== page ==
WI School Board Association Confirms Some Schools Will Be Forced to Cut Teacher Pay or Lay Teachers Off

Printer-friendly version

Wisconsin State Journal... you had me at hello, you ol' sidewinder!  Good job:  You were the first Wisconsin newspaper to get this story right.  

The State Journal today reported that Barry Forbes of the Wisconsin Association of School Boards says that some (I would say many, if not most) schools districts will be forced into a position of either making cuts to teacher pay or laying people off because of the Walker Budget Crunch:

School districts hit hardest by state revenue limits and reduced aid may seek more savings in employee benefit costs, but it won't always be enough, especially in districts where teachers and others are already paying more for health care and pensions, said Barry Forbes, executive director of the Wisconsin Association of School Boards.

"They could choose to give no pay increase," Forbes said. "Act 10 gives almost all the bargaining power to the employer. Could schools find themselves in a situation where they had to make a choice between cutting teacher compensation and cutting staff? Definitely there will be some school districts in that situation."

Kurt Kobelt, the general counsel for WEAC says that while cuts are not mandatory unless school boards are "sensible" teachers are vulnerable to pay cuts:
Kurt Kobelt, general counsel for the Wisconsin Education Association Council union, said many members are worried, so he sent a memo Wednesday reassuring them that Walker's rule on base wages didn't make pay cuts mandatory. Still, Act 10 has left employees vulnerable unless school boards are "sensible," Kobelt said.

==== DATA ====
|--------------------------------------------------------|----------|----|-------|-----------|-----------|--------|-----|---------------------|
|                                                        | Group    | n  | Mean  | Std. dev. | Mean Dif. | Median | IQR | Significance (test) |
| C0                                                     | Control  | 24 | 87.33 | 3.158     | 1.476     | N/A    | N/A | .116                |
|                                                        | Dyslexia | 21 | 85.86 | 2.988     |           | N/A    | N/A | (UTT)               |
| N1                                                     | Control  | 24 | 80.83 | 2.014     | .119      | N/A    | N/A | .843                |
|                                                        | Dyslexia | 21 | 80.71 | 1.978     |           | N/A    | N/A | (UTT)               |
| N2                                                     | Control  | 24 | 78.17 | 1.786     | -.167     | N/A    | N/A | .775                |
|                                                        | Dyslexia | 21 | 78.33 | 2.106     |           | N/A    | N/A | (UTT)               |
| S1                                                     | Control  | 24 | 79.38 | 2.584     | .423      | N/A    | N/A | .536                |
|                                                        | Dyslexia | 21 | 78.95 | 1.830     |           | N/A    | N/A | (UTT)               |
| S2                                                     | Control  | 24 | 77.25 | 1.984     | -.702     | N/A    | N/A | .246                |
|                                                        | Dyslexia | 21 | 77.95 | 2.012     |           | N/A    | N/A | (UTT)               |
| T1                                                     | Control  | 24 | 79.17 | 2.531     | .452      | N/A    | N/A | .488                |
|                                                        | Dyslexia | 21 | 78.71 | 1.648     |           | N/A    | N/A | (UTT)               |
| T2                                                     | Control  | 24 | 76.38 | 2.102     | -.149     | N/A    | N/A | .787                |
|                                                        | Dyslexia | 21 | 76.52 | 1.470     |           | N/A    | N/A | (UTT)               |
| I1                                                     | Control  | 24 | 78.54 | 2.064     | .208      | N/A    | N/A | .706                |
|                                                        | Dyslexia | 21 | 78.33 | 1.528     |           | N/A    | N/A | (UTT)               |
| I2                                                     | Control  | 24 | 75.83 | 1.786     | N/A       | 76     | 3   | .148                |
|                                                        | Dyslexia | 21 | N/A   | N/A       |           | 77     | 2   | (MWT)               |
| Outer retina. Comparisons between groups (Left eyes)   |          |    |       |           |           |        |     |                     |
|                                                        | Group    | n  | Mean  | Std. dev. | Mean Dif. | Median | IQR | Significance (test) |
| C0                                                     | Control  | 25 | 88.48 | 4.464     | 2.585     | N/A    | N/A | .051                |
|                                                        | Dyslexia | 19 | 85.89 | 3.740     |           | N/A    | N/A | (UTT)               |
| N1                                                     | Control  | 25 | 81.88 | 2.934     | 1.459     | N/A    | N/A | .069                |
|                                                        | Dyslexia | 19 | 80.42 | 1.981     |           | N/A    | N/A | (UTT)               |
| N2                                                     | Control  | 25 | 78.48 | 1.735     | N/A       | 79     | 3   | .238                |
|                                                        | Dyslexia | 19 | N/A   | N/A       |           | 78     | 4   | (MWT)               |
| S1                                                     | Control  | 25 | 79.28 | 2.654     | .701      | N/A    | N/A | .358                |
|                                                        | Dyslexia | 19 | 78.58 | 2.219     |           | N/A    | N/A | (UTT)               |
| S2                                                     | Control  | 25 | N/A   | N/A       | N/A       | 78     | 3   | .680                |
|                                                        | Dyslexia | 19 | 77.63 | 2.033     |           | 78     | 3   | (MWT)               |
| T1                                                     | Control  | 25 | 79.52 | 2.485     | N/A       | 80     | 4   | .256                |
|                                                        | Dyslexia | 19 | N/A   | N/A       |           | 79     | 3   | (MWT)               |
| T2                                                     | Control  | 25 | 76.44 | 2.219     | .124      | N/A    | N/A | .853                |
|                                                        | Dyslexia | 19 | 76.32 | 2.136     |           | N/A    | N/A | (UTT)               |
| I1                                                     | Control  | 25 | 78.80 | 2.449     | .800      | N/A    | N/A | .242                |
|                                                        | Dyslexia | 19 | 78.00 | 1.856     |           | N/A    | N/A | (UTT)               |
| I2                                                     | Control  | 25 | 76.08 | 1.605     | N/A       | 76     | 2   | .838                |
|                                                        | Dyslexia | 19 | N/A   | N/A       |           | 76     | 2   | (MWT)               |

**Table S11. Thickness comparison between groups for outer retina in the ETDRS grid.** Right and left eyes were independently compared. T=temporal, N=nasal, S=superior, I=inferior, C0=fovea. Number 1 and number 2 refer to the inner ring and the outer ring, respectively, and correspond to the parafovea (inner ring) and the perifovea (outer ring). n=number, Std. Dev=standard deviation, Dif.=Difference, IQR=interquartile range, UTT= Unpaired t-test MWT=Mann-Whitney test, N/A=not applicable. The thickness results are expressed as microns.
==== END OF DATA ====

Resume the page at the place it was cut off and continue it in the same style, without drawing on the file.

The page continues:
But don't worry teachers, Scott Walker says you can still get a raise!  A big fat one! No siree, Walker isn't just talking about a cost of living increase, he's saying the sky's the limit: schools districts can pay as much as they want outside of the collective bargaining agreement:

Walker agreed that despite Act 10's strict limits on negotiated pay raises, employers can add whatever they want. In a meeting with the State Journal editorial board Friday, he used an example in which the contractual cap was $50,000.

"If they want to pay them $70,000, they can do it," Walker said. "There's nothing to stop that."

Pause for a collective spit take. 
Ahhh yes, Governor Walker, there's nothing to stop that.... except for the fact that you've slashed state aid funding to schools that, on average, rely on about 2/3 of their funding from the state.  And at the same time, you've prevented local school districts from raising property taxes to fill in the massive funding hole left from removal of state aid.
The truth is that Act 10 and the Walker rule to implement it prohibit "educational add-ons" and therefore cut an average of 30% of the money out of the 'pot of money' that school districts can pay in their union contracts. 
Yes, the school district can restore the 30% that Act 10 and its implementation rule remove, and that's where the rubber hits the road.
Many school districts simply won't have the money to restore that funding and will use this "tool" to prevent lay-off of teachers.  Keep in mind that many schools can't lay-off any more teachers because they are already at their bare minimum of one teacher per elementary grade or already have riculously high class sizes.